It will be seen that in the FIG. 8 arrangement, only one bridge is used (T57, T54, D52, D54). This bridge can be switched on and off (using T57, T54) and can be connected to produce a positive or negative going waveform at output terminals AC3 AC4, depending on whether Q51, Q53 or Q52, Q54 are triggered. In addition, the only mechanical switches used are S10, S11.

When switch S11 is released, after switch S11 has been held for 20 seconds, pins 4, 5 go low, and after 12 milliseconds, pin 2 goes high and the AC signal at the inputs AC1, AC2 is again connected to the outputs AC3, AC4.

To switch the dimmer (and hence the lamp) off, both buttons are pushed simultaneously, causing all pins to go low, as previously described.

FIG. 8 may be depicted more generally as shown in FIG. 9. Input terminals AC1, AC2 are connected via a selectable switch 80 to input terminals AC3, AC4. Terminals AC1, AC2 are also connected via on/off bridge 82 to switch 80 and hence to terminals AC3, AC4. The bridge 82 and switch 80 are controlled by control circuit 84 which is in turn controlled by any desired inputs, e.g. switches S10, S11. In FIG. 9, the bridge 82 may be the FIG. 8 bridge comprising thyristors T54, T57 and diodes D52, D54 (so that the bridge can be switched on or off by triggering T54, T57), while switch 80 may be triacs T55, T56 and thyristors Q51, Q53, Q52, Q54, which either connect terminals AC1, AC2, directly to AC3, AC4, or make the connection through a positive or negative orientation of bridge 82. Control circuit 84 may be optocouplers OK1 to OK8, and control transistors T51, T52, T53, T58, and microcontroller 70.

In the embodiments described above, the half cycles of the power waveform (negative going as shown in FIG. 3b or positive going as shown in FIG. 3a) have been used for signalling and hence control, but as always, without disturbing the RMS value of each half cycle of the power waveform. While the RMS value of the voltage may vary depending on fluctuations in the supply voltage from the mains, such fluctuations will not affect the operation of the dimmer since they have little or no influence on detection of the sequence of half cycles which are used for signalling and control. In addition, the method described does not introduce harmonic distortion into the power waveform, nor does it affect the power factor. As mentioned, the method is transparent to the load, which treats the sequence of half cycles as if it were an unmodified AC waveform.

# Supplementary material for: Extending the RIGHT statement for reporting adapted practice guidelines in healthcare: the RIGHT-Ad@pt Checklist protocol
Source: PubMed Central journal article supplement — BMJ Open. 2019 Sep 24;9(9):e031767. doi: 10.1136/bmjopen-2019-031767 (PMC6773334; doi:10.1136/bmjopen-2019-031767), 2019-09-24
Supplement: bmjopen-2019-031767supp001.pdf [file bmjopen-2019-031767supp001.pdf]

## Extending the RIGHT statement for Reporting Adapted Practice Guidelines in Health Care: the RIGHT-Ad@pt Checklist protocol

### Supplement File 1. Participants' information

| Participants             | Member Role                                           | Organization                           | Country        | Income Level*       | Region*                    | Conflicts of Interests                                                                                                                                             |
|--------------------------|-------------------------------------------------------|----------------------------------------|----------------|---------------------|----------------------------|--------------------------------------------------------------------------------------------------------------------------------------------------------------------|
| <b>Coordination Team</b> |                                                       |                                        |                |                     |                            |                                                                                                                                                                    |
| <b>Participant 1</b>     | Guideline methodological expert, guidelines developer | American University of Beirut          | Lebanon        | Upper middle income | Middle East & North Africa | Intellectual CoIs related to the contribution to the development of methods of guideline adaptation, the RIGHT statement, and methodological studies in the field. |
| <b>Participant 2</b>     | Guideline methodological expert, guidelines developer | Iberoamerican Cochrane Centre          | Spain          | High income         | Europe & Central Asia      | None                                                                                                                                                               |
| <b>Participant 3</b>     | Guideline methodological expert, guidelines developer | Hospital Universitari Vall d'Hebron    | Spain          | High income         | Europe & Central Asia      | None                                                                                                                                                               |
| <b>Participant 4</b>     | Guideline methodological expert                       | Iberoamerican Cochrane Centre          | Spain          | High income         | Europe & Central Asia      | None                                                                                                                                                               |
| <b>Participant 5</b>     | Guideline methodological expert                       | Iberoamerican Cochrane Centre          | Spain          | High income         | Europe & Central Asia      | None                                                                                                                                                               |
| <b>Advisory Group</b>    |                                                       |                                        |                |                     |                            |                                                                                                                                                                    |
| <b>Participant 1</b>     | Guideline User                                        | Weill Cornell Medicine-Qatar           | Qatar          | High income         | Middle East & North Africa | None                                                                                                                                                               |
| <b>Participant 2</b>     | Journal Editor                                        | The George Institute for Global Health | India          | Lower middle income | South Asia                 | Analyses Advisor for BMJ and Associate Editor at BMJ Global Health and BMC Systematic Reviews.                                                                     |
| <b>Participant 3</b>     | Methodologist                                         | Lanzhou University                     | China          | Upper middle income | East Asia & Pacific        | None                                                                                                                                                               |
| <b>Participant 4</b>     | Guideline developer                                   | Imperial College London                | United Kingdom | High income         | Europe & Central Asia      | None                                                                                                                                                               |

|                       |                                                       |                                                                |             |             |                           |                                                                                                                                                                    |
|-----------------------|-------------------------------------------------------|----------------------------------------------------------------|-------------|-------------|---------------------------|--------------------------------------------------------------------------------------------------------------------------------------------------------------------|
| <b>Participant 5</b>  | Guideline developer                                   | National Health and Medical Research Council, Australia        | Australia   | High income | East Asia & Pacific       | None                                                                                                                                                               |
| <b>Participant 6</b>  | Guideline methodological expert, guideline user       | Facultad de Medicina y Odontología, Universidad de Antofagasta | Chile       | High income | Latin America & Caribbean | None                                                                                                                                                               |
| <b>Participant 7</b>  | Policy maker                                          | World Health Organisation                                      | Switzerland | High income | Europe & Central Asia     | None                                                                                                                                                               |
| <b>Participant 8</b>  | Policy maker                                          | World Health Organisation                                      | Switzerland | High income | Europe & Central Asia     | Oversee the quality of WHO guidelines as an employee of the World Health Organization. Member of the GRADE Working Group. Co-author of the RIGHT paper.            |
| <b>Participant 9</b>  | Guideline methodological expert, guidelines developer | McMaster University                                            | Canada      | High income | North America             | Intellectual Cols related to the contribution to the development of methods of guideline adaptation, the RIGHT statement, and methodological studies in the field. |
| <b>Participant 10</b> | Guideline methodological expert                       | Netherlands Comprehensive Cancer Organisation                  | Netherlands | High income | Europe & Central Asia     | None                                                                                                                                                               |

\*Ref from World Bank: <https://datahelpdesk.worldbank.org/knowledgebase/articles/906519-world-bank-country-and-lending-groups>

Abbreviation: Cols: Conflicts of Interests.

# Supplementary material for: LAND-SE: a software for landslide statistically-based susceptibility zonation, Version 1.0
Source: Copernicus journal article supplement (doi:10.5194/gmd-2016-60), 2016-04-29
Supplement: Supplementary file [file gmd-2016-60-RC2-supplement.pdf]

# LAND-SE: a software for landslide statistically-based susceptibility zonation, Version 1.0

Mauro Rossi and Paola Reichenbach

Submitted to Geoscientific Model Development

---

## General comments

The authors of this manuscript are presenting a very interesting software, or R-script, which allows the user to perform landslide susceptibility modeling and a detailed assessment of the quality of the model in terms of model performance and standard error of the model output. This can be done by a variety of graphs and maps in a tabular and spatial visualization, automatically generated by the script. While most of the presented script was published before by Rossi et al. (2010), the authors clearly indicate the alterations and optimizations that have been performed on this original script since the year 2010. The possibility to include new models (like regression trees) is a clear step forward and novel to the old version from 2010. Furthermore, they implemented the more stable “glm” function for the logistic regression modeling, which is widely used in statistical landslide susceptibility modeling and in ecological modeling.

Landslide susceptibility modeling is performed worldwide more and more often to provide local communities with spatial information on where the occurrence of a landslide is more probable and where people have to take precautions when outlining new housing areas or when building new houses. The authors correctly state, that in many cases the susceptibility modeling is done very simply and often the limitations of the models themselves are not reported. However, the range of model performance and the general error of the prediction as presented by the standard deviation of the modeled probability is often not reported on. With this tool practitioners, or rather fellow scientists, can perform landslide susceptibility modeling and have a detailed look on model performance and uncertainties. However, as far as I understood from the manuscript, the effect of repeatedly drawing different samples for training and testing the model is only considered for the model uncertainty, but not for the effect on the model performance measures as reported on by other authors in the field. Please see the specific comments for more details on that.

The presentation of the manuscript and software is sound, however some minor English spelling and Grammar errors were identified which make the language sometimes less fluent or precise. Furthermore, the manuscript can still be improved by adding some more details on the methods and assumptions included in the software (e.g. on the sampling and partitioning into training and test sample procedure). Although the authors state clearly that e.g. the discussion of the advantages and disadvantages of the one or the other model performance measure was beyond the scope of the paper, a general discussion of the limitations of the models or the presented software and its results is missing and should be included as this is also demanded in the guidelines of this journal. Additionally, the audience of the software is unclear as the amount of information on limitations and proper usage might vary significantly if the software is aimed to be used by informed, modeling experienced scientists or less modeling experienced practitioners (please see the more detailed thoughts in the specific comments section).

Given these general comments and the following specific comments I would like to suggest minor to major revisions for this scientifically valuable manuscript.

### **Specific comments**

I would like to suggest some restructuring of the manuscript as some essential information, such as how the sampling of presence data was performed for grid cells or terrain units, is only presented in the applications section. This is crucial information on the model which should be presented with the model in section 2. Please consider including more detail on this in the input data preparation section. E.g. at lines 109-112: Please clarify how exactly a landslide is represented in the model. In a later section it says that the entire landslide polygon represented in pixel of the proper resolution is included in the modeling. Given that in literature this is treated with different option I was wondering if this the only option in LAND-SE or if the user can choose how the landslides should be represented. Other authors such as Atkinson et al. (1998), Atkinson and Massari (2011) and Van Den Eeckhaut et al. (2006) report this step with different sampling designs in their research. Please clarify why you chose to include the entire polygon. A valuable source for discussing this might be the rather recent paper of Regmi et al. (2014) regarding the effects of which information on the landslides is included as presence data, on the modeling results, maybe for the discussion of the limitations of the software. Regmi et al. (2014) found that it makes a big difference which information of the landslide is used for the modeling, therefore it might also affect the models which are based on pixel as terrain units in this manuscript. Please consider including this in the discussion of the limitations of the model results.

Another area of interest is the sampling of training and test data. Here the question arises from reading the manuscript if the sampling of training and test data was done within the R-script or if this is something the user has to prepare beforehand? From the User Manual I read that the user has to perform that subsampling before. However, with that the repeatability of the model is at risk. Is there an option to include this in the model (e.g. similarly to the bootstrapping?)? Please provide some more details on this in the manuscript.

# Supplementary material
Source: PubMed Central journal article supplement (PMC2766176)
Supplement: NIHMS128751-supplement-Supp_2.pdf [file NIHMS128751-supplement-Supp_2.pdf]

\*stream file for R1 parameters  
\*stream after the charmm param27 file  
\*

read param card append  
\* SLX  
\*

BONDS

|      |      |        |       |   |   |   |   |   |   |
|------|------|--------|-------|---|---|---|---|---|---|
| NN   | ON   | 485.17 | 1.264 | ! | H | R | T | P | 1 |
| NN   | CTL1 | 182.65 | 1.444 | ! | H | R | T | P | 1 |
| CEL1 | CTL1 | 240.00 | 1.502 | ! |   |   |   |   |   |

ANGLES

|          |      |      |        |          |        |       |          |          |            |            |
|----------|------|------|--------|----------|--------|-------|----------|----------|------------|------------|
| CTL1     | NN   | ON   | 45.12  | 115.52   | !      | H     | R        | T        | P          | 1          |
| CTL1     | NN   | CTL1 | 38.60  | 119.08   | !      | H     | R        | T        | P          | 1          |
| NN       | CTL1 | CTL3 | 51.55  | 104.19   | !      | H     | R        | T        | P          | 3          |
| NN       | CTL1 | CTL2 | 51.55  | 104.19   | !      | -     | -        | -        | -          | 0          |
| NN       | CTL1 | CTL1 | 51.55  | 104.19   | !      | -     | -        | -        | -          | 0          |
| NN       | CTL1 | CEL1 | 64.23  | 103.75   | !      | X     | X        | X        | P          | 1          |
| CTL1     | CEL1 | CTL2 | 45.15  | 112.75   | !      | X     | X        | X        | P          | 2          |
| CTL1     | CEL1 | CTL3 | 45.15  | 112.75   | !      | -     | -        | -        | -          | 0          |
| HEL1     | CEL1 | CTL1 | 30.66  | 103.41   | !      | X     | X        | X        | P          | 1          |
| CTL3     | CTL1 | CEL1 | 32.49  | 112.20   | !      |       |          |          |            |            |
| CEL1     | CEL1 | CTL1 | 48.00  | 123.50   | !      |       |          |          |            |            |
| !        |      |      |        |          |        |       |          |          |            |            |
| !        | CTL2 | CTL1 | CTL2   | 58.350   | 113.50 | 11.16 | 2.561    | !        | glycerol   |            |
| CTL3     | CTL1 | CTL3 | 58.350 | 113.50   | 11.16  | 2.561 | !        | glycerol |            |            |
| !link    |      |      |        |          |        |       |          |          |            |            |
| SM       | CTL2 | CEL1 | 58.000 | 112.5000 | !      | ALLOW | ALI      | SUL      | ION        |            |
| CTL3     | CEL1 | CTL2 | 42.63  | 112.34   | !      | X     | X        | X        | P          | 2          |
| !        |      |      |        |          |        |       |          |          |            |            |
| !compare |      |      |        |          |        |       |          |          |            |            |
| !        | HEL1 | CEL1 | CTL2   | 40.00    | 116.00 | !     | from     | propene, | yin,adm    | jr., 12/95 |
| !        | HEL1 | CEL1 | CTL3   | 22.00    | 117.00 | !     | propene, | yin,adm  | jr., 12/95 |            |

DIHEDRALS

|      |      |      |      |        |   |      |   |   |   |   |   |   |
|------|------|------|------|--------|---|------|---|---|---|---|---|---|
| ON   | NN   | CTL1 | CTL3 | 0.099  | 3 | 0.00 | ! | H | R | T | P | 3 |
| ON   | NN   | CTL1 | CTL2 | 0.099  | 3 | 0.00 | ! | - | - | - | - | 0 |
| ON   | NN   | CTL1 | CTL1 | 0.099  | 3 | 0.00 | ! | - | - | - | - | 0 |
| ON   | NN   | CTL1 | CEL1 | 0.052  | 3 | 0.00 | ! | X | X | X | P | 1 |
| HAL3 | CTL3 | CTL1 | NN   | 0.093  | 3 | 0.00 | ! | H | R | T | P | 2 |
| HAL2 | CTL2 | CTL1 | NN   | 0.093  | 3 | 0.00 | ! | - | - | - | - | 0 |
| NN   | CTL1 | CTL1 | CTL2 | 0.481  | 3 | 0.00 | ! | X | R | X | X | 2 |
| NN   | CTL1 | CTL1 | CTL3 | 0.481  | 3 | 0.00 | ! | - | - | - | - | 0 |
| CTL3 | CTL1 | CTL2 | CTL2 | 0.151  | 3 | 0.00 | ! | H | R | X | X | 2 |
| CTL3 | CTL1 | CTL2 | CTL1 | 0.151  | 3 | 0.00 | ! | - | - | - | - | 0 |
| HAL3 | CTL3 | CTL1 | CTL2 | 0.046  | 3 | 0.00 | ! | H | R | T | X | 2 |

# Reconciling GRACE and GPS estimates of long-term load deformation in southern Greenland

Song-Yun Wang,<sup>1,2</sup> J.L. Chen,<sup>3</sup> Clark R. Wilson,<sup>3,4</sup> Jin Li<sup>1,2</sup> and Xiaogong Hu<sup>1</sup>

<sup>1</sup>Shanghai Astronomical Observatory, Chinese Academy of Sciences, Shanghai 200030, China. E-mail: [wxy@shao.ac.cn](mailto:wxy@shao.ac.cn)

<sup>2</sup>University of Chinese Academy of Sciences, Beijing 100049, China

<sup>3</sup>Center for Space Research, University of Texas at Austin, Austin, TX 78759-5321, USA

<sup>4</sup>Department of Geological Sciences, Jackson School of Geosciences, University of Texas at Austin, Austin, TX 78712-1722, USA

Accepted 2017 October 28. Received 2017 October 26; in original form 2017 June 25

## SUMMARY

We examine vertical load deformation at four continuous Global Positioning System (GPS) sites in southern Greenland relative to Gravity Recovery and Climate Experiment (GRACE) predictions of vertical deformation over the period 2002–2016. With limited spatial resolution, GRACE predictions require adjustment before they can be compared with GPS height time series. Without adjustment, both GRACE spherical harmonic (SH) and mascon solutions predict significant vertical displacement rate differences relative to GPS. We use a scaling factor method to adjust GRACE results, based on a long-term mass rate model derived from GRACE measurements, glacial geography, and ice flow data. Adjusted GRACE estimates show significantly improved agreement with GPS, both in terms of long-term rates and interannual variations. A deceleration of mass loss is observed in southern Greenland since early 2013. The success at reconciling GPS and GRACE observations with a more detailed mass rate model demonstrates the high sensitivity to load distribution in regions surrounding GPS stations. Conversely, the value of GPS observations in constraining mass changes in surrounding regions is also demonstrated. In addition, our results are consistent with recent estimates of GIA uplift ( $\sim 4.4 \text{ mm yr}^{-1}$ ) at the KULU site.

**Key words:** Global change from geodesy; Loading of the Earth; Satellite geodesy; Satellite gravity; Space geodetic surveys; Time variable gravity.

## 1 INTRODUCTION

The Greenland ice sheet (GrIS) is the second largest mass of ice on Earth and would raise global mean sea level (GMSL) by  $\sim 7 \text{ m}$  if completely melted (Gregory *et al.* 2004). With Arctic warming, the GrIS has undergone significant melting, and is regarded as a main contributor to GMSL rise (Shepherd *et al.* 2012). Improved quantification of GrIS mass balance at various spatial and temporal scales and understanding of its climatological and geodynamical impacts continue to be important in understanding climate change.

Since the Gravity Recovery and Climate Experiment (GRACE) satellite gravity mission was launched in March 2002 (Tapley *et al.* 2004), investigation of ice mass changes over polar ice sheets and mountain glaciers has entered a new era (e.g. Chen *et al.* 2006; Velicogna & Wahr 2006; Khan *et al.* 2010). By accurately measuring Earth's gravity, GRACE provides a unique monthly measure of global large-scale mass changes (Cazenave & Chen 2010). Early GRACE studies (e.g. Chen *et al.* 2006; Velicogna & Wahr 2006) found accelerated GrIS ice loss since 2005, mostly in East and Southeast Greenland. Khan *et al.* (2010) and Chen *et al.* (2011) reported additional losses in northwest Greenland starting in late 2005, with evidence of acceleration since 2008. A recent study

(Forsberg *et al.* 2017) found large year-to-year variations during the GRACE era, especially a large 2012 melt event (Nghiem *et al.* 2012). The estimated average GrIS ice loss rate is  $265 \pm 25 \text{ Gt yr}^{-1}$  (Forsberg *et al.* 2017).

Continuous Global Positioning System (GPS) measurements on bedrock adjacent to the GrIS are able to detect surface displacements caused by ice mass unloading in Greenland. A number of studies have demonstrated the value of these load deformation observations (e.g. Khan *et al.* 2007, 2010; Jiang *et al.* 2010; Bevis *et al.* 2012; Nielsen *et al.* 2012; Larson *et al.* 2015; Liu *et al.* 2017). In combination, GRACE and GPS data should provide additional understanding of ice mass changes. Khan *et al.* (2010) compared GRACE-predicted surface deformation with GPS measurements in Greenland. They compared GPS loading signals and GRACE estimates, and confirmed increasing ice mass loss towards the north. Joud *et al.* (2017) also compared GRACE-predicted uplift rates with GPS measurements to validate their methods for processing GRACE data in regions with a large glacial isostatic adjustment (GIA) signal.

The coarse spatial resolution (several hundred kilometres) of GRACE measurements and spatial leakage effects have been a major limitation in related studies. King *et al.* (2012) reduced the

It will be realized, however, that other methods can be used for signalling which have all or substantially all of the advantages of the system described above. For example, as shown in FIG. 10, the power waveform can be rectified to provide a sequence of positive going half cycles 86 (which can be considered as "ones") and negative going half cycles 88 (which can be considered as "zeros"). Sequences such as that shown in FIG. 10 can readily be produced by the circuit of FIG. 9, using an appropriate control circuit 84. To produce the FIG. 10 waveforms, control circuit 84 may be of the form shown and described in FIG. 8, but with microcontroller 70 replaced by a different and suitably programmed microcontroller having as inputs either switches S10, S11, or any other desired inputs. Again, each half cycle of the FIG. 10 waveform has the same RMS value as does a half cycle of the unmodified AC waveform.

When a signal of the form shown in FIG. 10 is used to power a resistive load such as an incandescent lamp, the lamp will again treat such signal as being a conventional power signal, the RMS value of which has not been changed. When the load includes an input full wave rectifier, as does a gas discharge lamp (as shown at 54 in FIG. 6b), the input full wave rectifier simply rectifies the waveform shown in FIG. 10 and is not affected by the coding.

The FIG. 10 waveform can be decoded by any appropriate decoder 16. The decoder can include a microprocessor programmed to detect any desired sequence of positive and negative half cycles and to output a control signal of appropriate form to the dimming interface 18 or to any other load controlled by the system. If desired for the FIG. 10 waveform, the coding can be arranged so that the code to be acted on is either exactly two positive half cycles or two negative cycles. If there are more or less than two consecutive positive or negative half cycles, the decoder 16 would treat that part of the waveform as uncoded. This will ensure that conventional AC waveforms, and full wave rectified waveforms, do not affect the decoder.